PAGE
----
“With kids in particular, you’re going to have emergencies, and while you might go without for yourself, you’re going to take your kids to the doctor when they have a fever,” says Knotts. “Someone’s going to break an arm or knock out a tooth, and that could cost you a few hundred or thousand dollars each time.”

As a starting point, Knotts suggests living on 90 percent of your after-tax income, using the money you save to fund an emergency account worth three to six months of living expenses.

If one of you plans to quit work to care for the child, your new spending plan should reflect the projected loss of income.

You can also apply those dollars toward a life insurance policy after the baby comes along, says Donalies, providing protection for your little one (and your spouse) in the event something happens to the breadwinner.

Donalies recommends a term life policy that covers your family until well after your child is out of college.

“The cost of a term life policy is so low that you should have a policy until your child reaches age 30,” he says.

Ka-ching: Child Care

If you both plan to continue working, and you don’t have family willing to provide free labor, you’ll have to factor child care costs into your budget.

Such costs vary by region, as does the type of care provided, but the average annual price tag for full-time care in 2010 for an infant in a child care center ranged from $4,650 in Mississippi to $18,200 in the District of Columbia, the National Association of Child Care Resource & Referral Agencies reports.

The average annual cost for full-time care of a 4-year old drops to $3,900 in Mississippi to $14,050 in the District of Columbia.

Nannies are more expensive still.

According to the International Nanny Association, nannies who live outside your home can cost more than $3,000 per month for full-time care, and as an employer you’ll be required to pay their Social Security taxes.

Ka-ching: College Tuition

There’s no rule that says you have to help your child with college expenses, of course, but if you plan to do so, you’d better start budgeting for that as well.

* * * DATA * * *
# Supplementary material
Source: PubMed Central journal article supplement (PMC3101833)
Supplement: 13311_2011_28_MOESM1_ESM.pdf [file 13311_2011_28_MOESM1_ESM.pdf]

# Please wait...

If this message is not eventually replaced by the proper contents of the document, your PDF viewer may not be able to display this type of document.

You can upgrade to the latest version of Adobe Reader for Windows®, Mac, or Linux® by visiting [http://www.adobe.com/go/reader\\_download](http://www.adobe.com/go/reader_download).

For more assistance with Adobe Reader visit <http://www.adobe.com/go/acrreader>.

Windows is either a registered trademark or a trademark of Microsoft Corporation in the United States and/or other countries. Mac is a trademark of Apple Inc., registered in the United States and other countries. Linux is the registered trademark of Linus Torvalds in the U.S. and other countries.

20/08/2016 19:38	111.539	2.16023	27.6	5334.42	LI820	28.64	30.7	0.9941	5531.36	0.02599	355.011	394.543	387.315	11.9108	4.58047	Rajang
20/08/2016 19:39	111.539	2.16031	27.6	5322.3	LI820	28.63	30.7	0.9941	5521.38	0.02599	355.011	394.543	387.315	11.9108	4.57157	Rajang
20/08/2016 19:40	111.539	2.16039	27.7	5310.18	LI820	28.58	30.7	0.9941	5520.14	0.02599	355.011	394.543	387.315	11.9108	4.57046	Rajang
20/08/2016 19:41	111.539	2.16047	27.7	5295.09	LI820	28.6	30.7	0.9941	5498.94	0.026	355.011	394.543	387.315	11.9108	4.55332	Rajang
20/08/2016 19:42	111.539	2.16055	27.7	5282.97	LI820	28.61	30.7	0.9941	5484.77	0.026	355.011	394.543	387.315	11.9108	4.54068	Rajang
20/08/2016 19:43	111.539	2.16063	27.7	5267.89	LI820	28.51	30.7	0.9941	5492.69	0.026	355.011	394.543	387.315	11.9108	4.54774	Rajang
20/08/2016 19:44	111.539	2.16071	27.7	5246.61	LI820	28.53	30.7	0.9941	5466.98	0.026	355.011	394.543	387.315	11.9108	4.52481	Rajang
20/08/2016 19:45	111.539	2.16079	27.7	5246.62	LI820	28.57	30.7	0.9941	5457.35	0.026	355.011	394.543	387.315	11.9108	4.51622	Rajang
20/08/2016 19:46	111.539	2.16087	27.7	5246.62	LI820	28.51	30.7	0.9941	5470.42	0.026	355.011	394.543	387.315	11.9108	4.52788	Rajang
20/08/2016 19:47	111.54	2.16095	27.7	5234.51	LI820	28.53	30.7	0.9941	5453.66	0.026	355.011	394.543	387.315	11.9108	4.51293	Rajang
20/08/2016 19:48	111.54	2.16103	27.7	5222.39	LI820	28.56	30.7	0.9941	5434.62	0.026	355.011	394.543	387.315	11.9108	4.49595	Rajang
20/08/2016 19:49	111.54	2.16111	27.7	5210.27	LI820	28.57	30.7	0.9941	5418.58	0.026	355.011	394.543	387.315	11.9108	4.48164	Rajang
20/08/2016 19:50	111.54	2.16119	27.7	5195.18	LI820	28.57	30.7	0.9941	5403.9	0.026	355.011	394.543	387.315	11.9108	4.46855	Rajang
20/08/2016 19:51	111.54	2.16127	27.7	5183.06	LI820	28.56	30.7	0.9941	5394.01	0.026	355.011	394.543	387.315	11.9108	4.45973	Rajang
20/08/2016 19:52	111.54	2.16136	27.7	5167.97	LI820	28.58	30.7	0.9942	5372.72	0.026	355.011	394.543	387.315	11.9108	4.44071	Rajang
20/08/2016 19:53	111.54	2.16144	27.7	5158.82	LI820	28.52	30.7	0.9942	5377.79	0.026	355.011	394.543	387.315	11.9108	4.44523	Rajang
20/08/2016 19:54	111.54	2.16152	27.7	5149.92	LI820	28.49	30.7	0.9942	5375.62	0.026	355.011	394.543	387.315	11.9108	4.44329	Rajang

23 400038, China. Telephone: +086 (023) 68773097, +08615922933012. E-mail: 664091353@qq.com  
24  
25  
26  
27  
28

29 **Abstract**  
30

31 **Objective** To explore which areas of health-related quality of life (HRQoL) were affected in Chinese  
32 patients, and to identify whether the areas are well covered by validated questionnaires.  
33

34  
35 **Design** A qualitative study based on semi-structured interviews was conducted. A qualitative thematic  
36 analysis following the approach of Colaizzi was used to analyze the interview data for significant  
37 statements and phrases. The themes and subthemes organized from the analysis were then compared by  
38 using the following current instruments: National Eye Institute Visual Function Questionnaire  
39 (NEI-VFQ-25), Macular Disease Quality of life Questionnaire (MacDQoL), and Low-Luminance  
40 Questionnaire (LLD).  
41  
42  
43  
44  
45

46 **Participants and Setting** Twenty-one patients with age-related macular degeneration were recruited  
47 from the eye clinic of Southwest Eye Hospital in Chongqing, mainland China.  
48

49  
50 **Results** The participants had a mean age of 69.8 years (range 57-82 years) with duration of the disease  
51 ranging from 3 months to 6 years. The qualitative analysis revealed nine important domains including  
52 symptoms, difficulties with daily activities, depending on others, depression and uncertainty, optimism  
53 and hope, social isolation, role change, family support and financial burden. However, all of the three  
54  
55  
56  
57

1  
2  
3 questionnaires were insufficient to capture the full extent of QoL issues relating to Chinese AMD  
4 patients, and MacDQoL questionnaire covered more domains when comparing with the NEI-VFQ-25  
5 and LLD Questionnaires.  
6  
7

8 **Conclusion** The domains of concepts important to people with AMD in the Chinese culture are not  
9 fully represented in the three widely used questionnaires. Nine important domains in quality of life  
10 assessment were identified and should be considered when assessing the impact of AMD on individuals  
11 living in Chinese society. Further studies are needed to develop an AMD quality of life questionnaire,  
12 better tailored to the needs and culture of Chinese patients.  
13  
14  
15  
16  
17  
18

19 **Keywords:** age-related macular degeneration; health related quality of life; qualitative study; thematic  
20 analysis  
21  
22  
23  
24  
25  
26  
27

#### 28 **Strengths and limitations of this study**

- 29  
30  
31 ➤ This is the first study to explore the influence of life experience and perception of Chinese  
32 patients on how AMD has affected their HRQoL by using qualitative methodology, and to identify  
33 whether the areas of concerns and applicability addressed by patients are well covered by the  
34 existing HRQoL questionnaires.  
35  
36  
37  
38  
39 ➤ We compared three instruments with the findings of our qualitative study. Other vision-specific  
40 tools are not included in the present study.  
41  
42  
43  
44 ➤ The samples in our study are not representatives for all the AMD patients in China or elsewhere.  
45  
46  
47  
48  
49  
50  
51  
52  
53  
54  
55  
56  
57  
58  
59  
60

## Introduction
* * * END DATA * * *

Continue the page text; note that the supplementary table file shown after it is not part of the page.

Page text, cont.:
The average cost of a four-year college for in-state residents, including tuition, fees, room and board, climbed 6 percent for the 2011 and 2012 academic year, averaging $17,131, the College Board reports.

A public four-year school for out-of-state students cost an average $29,657 this year, while four-year private colleges cost more than $38,000 per year.

Knotts cautions parents, however, to save for retirement first before throwing money into a tax-advantaged 529 college savings plan. After all, there are no scholarships or loans for retirement.

Manage Money and Expectations

Finally, remember that it’s ultimately you who decides how much you’re willing to spend on your kids.

Families with higher incomes, for example, tend to spend more on discretionary expenses like Apple (AAPL – News) iPods and Decker Outdoor’s Uggs – things your child may want, but doesn’t need.

The USDA report shows that a family earning less than $57,600 per year can expect to spend a total of $163,440 on a child from birth through high school; parents with an income between $57,600 and $99,730 can expect to spend $226,920; and families earning more than $99,730 can expect to drop $377,040.

“Kids don’t have to have all this stuff,” says Knotts. “We are a generation where we feel like we need to give our kids all of these experiences, but you can do a lot with your kids without spending a lot of money.”

Children may be a blessing, but they don’t come cheap. Families that plan ahead not only have better control over their budgets, but are often able to do more with less. They’re also better positioned to ensure their own financial goals don’t get derailed along the way.